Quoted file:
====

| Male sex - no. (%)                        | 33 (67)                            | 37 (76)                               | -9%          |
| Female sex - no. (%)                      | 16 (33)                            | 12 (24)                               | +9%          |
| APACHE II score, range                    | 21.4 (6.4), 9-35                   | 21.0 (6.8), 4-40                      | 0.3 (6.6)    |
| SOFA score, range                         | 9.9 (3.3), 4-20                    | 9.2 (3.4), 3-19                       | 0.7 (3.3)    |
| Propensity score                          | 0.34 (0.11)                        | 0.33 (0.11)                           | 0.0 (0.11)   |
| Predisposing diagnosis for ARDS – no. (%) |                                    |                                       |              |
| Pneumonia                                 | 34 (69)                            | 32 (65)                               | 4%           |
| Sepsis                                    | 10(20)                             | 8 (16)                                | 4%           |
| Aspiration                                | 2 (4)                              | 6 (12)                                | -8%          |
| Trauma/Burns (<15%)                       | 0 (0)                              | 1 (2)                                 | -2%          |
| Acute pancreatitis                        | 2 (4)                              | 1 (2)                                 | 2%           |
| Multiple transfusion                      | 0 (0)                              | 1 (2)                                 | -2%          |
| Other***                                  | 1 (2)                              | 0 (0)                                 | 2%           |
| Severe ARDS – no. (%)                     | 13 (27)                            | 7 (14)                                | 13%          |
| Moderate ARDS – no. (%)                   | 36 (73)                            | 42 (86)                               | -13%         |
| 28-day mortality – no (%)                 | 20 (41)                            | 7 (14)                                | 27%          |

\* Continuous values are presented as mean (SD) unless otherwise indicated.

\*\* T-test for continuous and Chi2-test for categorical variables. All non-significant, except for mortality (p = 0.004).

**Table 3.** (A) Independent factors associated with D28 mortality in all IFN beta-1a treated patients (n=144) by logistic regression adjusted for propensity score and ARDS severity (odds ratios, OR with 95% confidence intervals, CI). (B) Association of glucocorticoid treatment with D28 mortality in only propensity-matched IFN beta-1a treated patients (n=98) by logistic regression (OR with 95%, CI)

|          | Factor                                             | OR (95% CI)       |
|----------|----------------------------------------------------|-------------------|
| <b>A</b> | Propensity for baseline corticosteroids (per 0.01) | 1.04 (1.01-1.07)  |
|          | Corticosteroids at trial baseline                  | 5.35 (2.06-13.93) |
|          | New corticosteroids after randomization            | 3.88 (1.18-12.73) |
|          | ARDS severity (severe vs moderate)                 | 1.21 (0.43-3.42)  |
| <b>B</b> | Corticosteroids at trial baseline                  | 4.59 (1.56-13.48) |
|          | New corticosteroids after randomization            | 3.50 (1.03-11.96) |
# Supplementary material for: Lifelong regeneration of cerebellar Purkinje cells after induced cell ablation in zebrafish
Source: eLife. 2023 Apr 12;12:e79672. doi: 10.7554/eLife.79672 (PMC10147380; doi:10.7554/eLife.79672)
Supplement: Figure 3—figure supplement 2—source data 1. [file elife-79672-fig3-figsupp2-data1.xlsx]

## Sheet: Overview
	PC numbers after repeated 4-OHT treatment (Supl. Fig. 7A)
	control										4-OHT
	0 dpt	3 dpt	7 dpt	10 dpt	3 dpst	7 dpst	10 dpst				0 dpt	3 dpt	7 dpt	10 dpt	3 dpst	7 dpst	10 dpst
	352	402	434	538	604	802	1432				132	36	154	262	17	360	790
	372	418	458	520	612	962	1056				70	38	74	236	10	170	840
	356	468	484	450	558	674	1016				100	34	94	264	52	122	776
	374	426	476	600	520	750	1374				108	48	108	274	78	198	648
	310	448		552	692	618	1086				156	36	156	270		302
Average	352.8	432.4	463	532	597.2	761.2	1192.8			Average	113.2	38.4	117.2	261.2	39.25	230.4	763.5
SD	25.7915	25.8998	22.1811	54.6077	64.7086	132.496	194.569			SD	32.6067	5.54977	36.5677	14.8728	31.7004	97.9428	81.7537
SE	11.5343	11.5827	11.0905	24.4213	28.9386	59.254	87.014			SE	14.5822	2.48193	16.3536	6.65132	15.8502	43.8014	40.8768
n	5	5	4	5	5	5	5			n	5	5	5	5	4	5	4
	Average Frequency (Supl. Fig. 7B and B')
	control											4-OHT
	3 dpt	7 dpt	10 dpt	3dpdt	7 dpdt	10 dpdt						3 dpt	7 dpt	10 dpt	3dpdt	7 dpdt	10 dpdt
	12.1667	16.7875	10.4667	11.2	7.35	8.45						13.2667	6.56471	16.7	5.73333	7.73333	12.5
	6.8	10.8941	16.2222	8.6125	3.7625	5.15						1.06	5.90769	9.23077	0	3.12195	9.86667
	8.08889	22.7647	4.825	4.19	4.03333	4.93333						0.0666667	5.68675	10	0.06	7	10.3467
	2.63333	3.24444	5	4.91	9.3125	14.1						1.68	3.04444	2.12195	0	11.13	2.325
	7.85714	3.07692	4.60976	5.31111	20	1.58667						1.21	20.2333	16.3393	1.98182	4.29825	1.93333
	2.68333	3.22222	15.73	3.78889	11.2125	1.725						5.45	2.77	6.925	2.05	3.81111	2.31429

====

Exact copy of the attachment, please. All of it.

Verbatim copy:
| Male sex - no. (%)                        | 33 (67)                            | 37 (76)                               | -9%          |
| Female sex - no. (%)                      | 16 (33)                            | 12 (24)                               | +9%          |
| APACHE II score, range                    | 21.4 (6.4), 9-35                   | 21.0 (6.8), 4-40                      | 0.3 (6.6)    |
| SOFA score, range                         | 9.9 (3.3), 4-20                    | 9.2 (3.4), 3-19                       | 0.7 (3.3)    |
| Propensity score                          | 0.34 (0.11)                        | 0.33 (0.11)                           | 0.0 (0.11)   |
| Predisposing diagnosis for ARDS – no. (%) |                                    |                                       |              |
| Pneumonia                                 | 34 (69)                            | 32 (65)                               | 4%           |
| Sepsis                                    | 10(20)                             | 8 (16)                                | 4%           |
| Aspiration                                | 2 (4)                              | 6 (12)                                | -8%          |
| Trauma/Burns (<15%)                       | 0 (0)                              | 1 (2)                                 | -2%          |
| Acute pancreatitis                        | 2 (4)                              | 1 (2)                                 | 2%           |
| Multiple transfusion                      | 0 (0)                              | 1 (2)                                 | -2%          |
| Other***                                  | 1 (2)                              | 0 (0)                                 | 2%           |
| Severe ARDS – no. (%)                     | 13 (27)                            | 7 (14)                                | 13%          |
| Moderate ARDS – no. (%)                   | 36 (73)                            | 42 (86)                               | -13%         |
| 28-day mortality – no (%)                 | 20 (41)                            | 7 (14)                                | 27%          |

\* Continuous values are presented as mean (SD) unless otherwise indicated.

\*\* T-test for continuous and Chi2-test for categorical variables. All non-significant, except for mortality (p = 0.004).

**Table 3.** (A) Independent factors associated with D28 mortality in all IFN beta-1a treated patients (n=144) by logistic regression adjusted for propensity score and ARDS severity (odds ratios, OR with 95% confidence intervals, CI). (B) Association of glucocorticoid treatment with D28 mortality in only propensity-matched IFN beta-1a treated patients (n=98) by logistic regression (OR with 95%, CI)

|          | Factor                                             | OR (95% CI)       |
|----------|----------------------------------------------------|-------------------|
| <b>A</b> | Propensity for baseline corticosteroids (per 0.01) | 1.04 (1.01-1.07)  |
|          | Corticosteroids at trial baseline                  | 5.35 (2.06-13.93) |
|          | New corticosteroids after randomization            | 3.88 (1.18-12.73) |
|          | ARDS severity (severe vs moderate)                 | 1.21 (0.43-3.42)  |
| <b>B</b> | Corticosteroids at trial baseline                  | 4.59 (1.56-13.48) |
|          | New corticosteroids after randomization            | 3.50 (1.03-11.96) |
# Supplementary material for: Lifelong regeneration of cerebellar Purkinje cells after induced cell ablation in zebrafish
Source: eLife. 2023 Apr 12;12:e79672. doi: 10.7554/eLife.79672 (PMC10147380; doi:10.7554/eLife.79672)
Supplement: Figure 3—figure supplement 2—source data 1. [file elife-79672-fig3-figsupp2-data1.xlsx]

## Sheet: Overview
	PC numbers after repeated 4-OHT treatment (Supl. Fig. 7A)
	control										4-OHT
	0 dpt	3 dpt	7 dpt	10 dpt	3 dpst	7 dpst	10 dpst				0 dpt	3 dpt	7 dpt	10 dpt	3 dpst	7 dpst	10 dpst
	352	402	434	538	604	802	1432				132	36	154	262	17	360	790
	372	418	458	520	612	962	1056				70	38	74	236	10	170	840
	356	468	484	450	558	674	1016				100	34	94	264	52	122	776
	374	426	476	600	520	750	1374				108	48	108	274	78	198	648
	310	448		552	692	618	1086				156	36	156	270		302
Average	352.8	432.4	463	532	597.2	761.2	1192.8			Average	113.2	38.4	117.2	261.2	39.25	230.4	763.5
SD	25.7915	25.8998	22.1811	54.6077	64.7086	132.496	194.569			SD	32.6067	5.54977	36.5677	14.8728	31.7004	97.9428	81.7537
SE	11.5343	11.5827	11.0905	24.4213	28.9386	59.254	87.014			SE	14.5822	2.48193	16.3536	6.65132	15.8502	43.8014	40.8768
n	5	5	4	5	5	5	5			n	5	5	5	5	4	5	4
	Average Frequency (Supl. Fig. 7B and B')
	control											4-OHT
	3 dpt	7 dpt	10 dpt	3dpdt	7 dpdt	10 dpdt						3 dpt	7 dpt	10 dpt	3dpdt	7 dpdt	10 dpdt
	12.1667	16.7875	10.4667	11.2	7.35	8.45						13.2667	6.56471	16.7	5.73333	7.73333	12.5
	6.8	10.8941	16.2222	8.6125	3.7625	5.15						1.06	5.90769	9.23077	0	3.12195	9.86667
	8.08889	22.7647	4.825	4.19	4.03333	4.93333						0.0666667	5.68675	10	0.06	7	10.3467
	2.63333	3.24444	5	4.91	9.3125	14.1						1.68	3.04444	2.12195	0	11.13	2.325
	7.85714	3.07692	4.60976	5.31111	20	1.58667						1.21	20.2333	16.3393	1.98182	4.29825	1.93333
	2.68333	3.22222	15.73	3.78889	11.2125	1.725						5.45	2.77	6.925	2.05	3.81111	2.31429